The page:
When I picked it, it exuded a lot of water, which meant it was a very young specimen and therefore prized. It is a beautiful butter yellow color color, rubbery and firm feeling with a pleasant mushroomy scent.

Chicken of the woods, Laetiporus gilbertsonii

Chicken of the woods, Laetiporus gilbertsonii

It continued to exude the water and by the time I got home the paper bag in which it was stored was rather soggy. I gave it a good wash and had a great moment of excitement when a rather large pill bug decided to leave its mushroom home and explore my cutting board! This is one of the things mushroom foragers are used to, the insect life living within the specimens. As a more amateur forager this causes me great, shall we say, upheaval!

The visiting guest was removed without incident and a tot of Kentucky bourbon helped calm things down. I thinly sliced the mushroom, carefully examining it to ensure there were no more “residents” lurking within, and set about a large pot of water to the simmer.

Per my friend who happily consumes the Chicken of the Woods regularly, she advised that cooking them thoroughly will help ensure no stomach issues, so she recommended simmering for 15-20 minutes in water, draining, and then using in a recipe as one would for any mushroom dish.  My plan was to dice them after they were simmered, saute in butter and wine with some herbs and combine with other wild, but cultivated, mushrooms as part of a mushroom hand pie.

The sliced mushroom pieces developed a beautiful salmon hue, and were quite firm, like a hard shell winter squash.   After simmering for 20 minutes the color of the mushroom deepened a little bit and they had a lovely meaty aroma.

Chicken of the woods, Laetiporus gilbertsonii

I drained them well and chilled all but two slices, which were my samples. I diced them into small pieces, sauteed them in butter with some minced white onion for about 8 minutes, then added a splash of Sauvignon Blanc, salt and pepper, a pinch of thyme, and some chopped parsley.  They smelled divine, and I had a small spoonful.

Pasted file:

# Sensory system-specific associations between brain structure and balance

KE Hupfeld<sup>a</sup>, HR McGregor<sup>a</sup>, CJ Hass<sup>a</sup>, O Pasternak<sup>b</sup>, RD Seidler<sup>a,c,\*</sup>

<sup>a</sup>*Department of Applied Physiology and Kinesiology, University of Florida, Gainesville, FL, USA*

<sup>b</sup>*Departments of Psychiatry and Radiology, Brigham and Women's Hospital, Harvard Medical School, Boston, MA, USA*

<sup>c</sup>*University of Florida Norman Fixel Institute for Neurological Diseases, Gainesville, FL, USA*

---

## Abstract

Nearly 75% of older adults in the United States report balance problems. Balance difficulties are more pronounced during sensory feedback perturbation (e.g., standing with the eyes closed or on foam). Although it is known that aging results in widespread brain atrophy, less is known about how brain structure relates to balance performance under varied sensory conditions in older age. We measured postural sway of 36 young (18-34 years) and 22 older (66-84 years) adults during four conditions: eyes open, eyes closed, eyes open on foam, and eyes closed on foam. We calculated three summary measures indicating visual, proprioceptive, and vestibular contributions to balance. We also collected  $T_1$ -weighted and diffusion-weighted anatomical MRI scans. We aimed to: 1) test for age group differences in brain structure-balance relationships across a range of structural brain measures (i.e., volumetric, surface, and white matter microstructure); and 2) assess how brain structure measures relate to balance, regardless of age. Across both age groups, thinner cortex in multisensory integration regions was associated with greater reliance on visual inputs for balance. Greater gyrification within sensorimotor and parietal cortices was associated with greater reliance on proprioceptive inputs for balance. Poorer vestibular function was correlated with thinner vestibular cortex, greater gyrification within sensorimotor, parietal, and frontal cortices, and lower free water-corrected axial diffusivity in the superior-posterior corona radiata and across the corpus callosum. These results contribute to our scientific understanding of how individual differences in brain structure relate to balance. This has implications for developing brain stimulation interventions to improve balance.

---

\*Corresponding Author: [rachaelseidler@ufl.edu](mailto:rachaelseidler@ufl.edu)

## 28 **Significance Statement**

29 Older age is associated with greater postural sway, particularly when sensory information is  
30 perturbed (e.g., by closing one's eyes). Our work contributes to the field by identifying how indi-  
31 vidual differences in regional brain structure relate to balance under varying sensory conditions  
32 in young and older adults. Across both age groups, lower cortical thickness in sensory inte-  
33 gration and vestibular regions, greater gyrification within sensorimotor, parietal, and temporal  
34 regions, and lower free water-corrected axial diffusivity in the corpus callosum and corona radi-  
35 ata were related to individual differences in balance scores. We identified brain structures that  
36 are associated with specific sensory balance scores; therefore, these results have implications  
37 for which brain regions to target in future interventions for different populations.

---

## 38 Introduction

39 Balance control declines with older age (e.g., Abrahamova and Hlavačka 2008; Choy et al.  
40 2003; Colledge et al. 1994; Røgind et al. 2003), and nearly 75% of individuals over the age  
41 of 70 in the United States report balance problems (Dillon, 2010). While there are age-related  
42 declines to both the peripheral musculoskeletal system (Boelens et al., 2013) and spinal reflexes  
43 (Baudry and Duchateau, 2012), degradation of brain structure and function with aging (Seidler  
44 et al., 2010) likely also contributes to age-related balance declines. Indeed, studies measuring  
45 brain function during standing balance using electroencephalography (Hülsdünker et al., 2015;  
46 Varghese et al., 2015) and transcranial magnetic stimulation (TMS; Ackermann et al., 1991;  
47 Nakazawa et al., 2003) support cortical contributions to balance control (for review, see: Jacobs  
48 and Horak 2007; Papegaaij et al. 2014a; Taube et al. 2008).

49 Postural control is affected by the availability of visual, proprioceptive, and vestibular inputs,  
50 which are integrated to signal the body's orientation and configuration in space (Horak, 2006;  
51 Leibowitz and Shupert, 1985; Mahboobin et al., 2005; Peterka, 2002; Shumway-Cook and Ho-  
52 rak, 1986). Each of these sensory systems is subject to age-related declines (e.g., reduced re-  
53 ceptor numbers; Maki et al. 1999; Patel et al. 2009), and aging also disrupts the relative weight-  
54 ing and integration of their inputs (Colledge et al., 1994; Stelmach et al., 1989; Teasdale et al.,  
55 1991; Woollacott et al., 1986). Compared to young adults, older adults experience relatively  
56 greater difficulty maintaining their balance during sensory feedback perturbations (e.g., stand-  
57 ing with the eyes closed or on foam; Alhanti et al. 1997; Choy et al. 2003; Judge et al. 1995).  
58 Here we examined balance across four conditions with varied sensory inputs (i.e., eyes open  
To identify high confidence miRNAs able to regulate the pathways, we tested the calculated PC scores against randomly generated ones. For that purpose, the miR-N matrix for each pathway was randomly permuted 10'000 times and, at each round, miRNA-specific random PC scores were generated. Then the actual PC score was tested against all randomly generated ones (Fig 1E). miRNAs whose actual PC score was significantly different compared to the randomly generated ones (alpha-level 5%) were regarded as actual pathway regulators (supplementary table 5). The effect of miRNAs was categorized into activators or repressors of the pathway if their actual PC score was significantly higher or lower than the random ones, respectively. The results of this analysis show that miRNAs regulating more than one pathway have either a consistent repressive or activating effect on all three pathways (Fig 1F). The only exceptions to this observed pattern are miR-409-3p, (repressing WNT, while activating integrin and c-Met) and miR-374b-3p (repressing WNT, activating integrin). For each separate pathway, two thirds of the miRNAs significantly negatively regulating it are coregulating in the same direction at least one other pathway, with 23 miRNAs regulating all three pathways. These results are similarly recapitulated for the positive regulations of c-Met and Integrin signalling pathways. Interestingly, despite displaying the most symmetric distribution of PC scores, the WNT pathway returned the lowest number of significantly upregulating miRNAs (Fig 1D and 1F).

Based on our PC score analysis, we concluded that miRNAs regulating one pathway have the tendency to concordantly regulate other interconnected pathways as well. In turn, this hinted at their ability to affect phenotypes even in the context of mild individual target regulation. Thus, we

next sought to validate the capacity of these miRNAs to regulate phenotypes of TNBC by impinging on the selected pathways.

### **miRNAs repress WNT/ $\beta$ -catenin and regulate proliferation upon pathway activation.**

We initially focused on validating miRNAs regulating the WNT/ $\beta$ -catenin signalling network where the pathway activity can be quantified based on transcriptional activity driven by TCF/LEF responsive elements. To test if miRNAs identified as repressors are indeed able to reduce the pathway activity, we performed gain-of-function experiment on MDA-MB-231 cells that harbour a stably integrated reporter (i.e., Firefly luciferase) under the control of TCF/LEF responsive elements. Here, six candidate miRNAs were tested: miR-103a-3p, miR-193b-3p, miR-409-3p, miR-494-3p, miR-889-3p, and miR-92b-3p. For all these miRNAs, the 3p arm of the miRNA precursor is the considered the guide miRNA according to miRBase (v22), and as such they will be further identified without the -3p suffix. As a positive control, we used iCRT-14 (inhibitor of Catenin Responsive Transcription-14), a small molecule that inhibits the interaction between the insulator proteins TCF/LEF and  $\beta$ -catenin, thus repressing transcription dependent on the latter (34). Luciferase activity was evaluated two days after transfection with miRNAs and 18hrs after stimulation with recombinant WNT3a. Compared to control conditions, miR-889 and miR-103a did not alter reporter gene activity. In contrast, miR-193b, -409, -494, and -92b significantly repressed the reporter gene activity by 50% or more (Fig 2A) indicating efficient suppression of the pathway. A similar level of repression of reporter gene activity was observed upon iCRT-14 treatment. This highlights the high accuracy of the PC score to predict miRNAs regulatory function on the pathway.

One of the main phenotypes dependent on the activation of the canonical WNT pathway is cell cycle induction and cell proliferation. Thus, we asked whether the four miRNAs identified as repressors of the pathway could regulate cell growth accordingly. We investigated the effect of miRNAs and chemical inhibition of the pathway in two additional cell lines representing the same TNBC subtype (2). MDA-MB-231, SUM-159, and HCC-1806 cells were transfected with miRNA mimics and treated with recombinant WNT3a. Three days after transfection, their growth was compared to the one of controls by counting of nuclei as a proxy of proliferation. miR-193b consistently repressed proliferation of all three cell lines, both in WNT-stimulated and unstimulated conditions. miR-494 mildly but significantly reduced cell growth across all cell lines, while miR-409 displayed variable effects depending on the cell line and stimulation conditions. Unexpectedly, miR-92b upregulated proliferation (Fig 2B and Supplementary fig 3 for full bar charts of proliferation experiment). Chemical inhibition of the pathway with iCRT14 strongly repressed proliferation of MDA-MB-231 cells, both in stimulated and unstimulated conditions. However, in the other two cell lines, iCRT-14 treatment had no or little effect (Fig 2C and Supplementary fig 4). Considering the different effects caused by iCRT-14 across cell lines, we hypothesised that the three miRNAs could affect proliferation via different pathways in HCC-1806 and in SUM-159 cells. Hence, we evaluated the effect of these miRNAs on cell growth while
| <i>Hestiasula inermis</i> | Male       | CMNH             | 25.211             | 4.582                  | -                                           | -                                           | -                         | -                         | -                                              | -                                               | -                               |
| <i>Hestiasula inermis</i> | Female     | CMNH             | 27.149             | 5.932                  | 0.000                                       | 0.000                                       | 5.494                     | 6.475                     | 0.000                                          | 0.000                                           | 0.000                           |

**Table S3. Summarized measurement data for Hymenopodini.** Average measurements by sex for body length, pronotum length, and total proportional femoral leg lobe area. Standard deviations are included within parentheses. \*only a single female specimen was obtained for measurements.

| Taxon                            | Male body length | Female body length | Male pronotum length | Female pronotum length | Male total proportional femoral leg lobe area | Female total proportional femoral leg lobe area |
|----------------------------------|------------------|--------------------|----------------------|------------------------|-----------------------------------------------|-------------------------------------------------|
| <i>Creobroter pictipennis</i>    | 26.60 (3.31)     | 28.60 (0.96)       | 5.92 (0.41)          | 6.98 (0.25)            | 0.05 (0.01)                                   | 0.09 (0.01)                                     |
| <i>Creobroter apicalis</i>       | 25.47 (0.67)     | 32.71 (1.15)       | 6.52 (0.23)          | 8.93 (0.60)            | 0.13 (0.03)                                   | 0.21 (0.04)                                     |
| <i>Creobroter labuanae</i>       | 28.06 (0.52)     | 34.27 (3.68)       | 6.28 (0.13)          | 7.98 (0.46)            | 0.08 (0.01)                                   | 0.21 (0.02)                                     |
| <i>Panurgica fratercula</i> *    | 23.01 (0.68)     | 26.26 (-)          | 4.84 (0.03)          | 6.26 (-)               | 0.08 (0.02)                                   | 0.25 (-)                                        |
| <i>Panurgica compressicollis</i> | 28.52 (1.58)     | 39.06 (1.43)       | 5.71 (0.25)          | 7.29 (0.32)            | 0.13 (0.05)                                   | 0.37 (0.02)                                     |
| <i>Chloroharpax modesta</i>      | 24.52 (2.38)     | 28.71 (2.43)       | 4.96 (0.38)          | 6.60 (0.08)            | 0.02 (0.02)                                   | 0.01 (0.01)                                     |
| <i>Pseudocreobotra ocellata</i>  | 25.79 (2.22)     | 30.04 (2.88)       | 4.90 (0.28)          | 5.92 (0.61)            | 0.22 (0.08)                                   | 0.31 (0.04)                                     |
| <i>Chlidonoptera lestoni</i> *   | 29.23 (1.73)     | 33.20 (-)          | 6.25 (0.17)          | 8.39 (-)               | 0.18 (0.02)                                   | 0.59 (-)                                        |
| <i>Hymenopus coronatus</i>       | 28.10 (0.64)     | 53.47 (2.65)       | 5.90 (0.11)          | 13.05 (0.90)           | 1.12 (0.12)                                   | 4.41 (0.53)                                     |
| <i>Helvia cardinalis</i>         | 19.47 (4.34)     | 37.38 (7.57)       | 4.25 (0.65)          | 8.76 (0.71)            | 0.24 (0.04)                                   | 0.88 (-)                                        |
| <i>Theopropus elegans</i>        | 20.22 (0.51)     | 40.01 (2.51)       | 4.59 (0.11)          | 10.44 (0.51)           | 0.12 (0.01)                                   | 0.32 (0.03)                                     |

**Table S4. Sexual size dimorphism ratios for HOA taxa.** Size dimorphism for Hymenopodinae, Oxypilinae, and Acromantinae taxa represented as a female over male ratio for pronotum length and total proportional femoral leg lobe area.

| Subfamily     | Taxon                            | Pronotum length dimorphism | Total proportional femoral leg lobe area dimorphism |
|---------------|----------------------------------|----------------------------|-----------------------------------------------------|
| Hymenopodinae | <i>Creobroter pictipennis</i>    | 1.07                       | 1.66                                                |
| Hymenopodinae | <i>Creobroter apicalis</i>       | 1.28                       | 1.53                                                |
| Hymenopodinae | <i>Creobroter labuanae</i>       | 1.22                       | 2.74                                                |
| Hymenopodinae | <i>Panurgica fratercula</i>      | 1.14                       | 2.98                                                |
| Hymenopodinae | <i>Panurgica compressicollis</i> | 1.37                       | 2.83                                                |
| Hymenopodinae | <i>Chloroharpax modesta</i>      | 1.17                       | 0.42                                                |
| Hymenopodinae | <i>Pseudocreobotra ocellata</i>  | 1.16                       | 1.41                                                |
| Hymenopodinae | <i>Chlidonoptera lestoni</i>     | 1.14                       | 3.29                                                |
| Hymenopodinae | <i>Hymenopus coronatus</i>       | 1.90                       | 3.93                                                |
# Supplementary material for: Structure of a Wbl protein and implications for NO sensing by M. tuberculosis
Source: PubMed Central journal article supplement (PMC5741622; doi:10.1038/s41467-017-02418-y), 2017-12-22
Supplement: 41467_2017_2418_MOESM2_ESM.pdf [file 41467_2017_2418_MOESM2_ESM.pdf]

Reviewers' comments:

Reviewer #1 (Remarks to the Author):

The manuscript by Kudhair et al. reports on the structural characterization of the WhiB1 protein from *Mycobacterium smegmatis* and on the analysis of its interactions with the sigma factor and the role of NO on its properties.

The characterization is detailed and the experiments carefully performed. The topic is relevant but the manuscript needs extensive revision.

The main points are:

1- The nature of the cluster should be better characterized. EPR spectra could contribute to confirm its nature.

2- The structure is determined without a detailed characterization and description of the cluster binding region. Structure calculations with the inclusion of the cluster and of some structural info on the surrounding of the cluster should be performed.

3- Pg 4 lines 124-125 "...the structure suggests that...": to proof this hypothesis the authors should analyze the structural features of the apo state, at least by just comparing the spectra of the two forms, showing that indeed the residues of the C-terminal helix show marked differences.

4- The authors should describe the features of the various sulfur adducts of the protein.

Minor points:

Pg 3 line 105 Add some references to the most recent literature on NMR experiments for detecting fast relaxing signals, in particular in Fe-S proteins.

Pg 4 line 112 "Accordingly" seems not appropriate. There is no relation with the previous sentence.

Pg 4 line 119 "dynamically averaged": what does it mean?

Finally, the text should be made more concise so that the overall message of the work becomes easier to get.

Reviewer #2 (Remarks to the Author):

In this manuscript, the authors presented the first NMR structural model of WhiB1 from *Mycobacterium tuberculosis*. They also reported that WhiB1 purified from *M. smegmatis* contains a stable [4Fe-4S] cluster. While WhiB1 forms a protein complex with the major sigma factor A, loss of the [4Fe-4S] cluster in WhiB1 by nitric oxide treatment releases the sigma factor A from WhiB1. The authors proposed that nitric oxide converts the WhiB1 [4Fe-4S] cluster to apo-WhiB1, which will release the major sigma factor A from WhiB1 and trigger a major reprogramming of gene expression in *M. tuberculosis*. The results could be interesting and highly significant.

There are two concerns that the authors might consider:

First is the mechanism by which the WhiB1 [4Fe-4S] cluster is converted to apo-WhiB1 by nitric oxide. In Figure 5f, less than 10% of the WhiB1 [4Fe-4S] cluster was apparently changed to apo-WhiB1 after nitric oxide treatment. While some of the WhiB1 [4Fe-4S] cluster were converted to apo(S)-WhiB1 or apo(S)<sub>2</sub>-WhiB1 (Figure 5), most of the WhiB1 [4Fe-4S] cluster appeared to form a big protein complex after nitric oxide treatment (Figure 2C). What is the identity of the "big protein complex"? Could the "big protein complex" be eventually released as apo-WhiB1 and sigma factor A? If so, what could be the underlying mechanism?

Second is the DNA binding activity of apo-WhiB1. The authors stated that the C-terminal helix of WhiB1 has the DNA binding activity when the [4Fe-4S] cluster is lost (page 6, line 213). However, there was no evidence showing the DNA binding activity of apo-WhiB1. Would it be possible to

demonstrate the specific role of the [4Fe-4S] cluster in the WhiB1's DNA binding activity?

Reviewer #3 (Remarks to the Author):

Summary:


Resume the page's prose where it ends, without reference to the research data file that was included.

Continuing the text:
Some of the ill effects for sensitive people described by mushroom experts are tingling and itchiness of the mouth and tongue, and stomach issues which I shall not describe here.  I have a lot of strange food intolerances and was worried I might immediately experience some oral issues with the Chicken of the Woods but did not.  The next day, however, my system was most unhappy and I decided that, sadly, the Chicken of the Woods is not a mushroom for me.

It was a fun experiment, however, and despite the outcome I shall continue in my mushroom foraging but stick to the more “big” choice consumables:  Morel, porcini, chanterelles, and candy caps.

Caution should be exercised when foraging and consuming wild mushrooms.  Many toxic mushrooms may resemble edible mushrooms and no one should attempt to eat a wild mushroom unless it has been carefully identified by an expert, and, even then, it may not be safe.  It is worth stressing that each single specimen must be carefully identified as well as checked for general good condition. Eating a toxic mushroom can be fatal. Don’t take chances.

Resources:

Mycological Society of San Francisco

The Forest Visits My Kitchen

I came home today to find this in my fridge. What could it be?

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Voila! What a haul!

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A full pound of black morels from an undisclosed forest in California.

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My dear friends Anna and Robert went foraging this weekend for morel and found three pounds – I am one lucky friend to be gifted with so many. They have the magic morel eye.

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I wrote about our divine morel dinner last year at Dinners at Anna’s and their haul that year was spectacular – seven pounds I think.